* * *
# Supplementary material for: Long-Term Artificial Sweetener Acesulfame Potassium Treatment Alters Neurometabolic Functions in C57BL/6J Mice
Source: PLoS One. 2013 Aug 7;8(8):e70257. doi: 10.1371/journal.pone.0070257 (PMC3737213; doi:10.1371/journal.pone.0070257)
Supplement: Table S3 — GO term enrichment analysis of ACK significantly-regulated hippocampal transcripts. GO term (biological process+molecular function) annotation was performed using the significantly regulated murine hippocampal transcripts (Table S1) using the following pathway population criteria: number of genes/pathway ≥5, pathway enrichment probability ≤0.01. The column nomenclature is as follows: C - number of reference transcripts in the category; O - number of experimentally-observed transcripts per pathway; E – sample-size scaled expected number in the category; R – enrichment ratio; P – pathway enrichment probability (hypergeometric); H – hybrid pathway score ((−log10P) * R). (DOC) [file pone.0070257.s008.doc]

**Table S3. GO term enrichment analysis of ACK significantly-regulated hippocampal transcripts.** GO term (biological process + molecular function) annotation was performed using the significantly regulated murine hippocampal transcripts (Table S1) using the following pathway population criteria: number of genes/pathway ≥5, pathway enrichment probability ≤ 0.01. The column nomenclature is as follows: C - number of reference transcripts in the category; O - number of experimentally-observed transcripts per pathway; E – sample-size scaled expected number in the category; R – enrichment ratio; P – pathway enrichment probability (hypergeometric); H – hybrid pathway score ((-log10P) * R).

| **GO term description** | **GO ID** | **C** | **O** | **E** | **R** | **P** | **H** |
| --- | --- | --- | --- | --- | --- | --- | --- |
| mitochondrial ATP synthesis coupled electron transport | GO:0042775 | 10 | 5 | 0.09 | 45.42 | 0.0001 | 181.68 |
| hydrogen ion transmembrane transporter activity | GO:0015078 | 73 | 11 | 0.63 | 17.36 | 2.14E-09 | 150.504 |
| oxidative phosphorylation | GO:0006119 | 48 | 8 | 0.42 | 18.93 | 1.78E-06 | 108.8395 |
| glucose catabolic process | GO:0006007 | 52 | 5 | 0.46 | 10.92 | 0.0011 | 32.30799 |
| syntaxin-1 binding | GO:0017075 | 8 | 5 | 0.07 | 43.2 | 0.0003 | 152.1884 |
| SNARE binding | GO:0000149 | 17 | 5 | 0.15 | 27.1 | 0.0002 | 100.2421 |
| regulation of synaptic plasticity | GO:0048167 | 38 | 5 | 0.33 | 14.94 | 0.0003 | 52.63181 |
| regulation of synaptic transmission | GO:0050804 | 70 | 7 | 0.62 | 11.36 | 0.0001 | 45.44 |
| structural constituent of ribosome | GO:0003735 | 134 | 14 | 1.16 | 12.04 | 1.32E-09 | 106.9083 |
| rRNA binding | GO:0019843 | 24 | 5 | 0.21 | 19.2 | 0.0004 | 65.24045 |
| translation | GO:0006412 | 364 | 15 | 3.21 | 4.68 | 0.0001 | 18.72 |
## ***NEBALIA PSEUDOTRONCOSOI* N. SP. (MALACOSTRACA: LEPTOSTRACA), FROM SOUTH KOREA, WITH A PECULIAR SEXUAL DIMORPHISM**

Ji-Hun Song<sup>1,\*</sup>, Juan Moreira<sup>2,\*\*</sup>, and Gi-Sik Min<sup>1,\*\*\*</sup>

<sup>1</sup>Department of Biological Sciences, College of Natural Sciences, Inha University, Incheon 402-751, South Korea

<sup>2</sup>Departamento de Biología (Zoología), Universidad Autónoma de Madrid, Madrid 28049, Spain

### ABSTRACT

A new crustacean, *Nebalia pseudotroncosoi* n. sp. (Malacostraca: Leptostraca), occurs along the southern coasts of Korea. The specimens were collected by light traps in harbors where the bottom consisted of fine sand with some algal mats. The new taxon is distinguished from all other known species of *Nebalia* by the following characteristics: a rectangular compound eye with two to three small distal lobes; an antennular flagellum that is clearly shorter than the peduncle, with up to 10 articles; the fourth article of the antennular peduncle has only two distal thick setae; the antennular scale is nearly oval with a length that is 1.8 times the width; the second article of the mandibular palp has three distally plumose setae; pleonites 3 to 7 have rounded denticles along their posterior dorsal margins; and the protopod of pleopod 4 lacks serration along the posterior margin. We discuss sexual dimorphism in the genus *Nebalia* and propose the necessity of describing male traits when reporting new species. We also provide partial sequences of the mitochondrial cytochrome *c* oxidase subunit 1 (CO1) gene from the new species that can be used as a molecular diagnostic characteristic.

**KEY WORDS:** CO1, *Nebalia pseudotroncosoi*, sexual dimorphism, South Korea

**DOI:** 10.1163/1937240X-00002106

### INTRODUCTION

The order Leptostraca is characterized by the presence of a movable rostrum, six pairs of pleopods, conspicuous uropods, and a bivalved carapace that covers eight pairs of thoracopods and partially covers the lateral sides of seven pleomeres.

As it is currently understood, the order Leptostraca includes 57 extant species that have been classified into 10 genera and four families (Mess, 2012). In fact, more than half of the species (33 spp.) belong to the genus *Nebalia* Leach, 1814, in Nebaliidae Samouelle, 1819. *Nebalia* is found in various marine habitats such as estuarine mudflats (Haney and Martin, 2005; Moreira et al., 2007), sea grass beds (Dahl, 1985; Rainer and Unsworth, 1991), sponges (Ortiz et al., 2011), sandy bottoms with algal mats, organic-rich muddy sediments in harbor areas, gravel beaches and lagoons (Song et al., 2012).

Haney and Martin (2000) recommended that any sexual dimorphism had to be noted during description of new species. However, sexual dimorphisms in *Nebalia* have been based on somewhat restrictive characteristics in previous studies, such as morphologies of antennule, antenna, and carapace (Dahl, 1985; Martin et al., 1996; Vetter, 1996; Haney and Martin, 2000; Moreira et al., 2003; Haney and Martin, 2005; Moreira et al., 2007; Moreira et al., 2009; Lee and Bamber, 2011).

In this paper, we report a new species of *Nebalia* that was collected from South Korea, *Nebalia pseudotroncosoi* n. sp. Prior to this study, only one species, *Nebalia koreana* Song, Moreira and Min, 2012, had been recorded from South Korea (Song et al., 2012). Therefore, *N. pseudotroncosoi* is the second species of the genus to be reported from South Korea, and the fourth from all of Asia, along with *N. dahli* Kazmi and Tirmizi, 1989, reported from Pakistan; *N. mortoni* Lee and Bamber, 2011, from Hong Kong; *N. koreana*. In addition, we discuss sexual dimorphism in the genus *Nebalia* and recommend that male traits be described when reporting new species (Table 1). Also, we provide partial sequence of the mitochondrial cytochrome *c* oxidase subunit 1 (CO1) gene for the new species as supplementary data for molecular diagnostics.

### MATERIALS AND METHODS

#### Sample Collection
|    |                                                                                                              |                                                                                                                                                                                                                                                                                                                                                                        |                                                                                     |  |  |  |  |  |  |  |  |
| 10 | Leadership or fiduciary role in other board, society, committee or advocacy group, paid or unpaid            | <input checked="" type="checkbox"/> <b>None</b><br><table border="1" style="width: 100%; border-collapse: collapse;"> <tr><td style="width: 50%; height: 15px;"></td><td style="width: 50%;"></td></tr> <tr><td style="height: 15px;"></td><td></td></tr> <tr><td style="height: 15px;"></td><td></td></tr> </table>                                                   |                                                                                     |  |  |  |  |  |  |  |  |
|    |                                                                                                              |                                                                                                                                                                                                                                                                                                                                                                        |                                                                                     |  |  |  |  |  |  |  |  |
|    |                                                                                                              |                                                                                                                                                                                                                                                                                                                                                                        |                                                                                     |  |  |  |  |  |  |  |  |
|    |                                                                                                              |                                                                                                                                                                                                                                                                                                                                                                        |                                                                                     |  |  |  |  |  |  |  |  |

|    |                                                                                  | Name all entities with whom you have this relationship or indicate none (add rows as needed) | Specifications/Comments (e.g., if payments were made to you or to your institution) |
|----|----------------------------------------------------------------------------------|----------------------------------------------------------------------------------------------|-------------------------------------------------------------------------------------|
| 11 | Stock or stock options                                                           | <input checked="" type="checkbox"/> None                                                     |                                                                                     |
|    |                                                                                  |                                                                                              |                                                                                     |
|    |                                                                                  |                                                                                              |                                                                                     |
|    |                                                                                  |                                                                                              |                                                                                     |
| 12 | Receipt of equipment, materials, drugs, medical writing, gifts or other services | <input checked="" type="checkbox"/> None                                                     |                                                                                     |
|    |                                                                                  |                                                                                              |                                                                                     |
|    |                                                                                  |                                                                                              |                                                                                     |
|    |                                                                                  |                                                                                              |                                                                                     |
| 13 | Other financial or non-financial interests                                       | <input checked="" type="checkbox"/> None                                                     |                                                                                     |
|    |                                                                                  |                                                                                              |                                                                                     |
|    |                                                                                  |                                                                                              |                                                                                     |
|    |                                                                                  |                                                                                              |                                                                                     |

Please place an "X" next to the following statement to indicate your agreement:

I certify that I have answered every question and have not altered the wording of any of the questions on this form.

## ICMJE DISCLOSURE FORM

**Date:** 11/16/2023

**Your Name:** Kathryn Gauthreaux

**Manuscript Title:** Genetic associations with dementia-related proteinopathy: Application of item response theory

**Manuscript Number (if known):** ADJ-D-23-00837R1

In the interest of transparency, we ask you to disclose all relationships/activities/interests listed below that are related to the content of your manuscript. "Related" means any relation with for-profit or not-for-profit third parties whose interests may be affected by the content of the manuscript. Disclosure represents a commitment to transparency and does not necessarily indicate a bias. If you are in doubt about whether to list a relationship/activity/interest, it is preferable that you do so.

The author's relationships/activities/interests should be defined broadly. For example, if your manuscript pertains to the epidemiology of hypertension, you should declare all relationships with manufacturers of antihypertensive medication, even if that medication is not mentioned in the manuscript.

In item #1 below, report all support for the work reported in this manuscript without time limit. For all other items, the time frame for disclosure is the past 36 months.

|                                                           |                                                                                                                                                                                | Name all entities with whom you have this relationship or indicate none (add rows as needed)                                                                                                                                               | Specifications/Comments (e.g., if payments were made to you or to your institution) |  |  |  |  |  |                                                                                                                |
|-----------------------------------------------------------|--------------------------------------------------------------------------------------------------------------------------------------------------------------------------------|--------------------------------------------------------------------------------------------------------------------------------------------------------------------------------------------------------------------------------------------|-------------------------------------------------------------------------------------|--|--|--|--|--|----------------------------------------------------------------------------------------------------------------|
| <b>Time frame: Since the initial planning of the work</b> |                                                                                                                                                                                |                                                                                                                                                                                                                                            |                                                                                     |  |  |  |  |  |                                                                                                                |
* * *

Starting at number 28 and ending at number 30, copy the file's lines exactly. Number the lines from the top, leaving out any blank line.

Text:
As it is currently understood, the order Leptostraca includes 57 extant species that have been classified into 10 genera and four families (Mess, 2012). In fact, more than half of the species (33 spp.) belong to the genus *Nebalia* Leach, 1814, in Nebaliidae Samouelle, 1819. *Nebalia* is found in various marine habitats such as estuarine mudflats (Haney and Martin, 2005; Moreira et al., 2007), sea grass beds (Dahl, 1985; Rainer and Unsworth, 1991), sponges (Ortiz et al., 2011), sandy bottoms with algal mats, organic-rich muddy sediments in harbor areas, gravel beaches and lagoons (Song et al., 2012).

Haney and Martin (2000) recommended that any sexual dimorphism had to be noted during description of new species. However, sexual dimorphisms in *Nebalia* have been based on somewhat restrictive characteristics in previous studies, such as morphologies of antennule, antenna, and carapace (Dahl, 1985; Martin et al., 1996; Vetter, 1996; Haney and Martin, 2000; Moreira et al., 2003; Haney and Martin, 2005; Moreira et al., 2007; Moreira et al., 2009; Lee and Bamber, 2011).

In this paper, we report a new species of *Nebalia* that was collected from South Korea, *Nebalia pseudotroncosoi* n. sp. Prior to this study, only one species, *Nebalia koreana* Song, Moreira and Min, 2012, had been recorded from South Korea (Song et al., 2012). Therefore, *N. pseudotroncosoi* is the second species of the genus to be reported from South Korea, and the fourth from all of Asia, along with *N. dahli* Kazmi and Tirmizi, 1989, reported from Pakistan; *N. mortoni* Lee and Bamber, 2011, from Hong Kong; *N. koreana*. In addition, we discuss sexual dimorphism in the genus *Nebalia* and recommend that male traits be described when reporting new species (Table 1). Also, we provide partial sequence of the mitochondrial cytochrome *c* oxidase subunit 1 (CO1) gene for the new species as supplementary data for molecular diagnostics.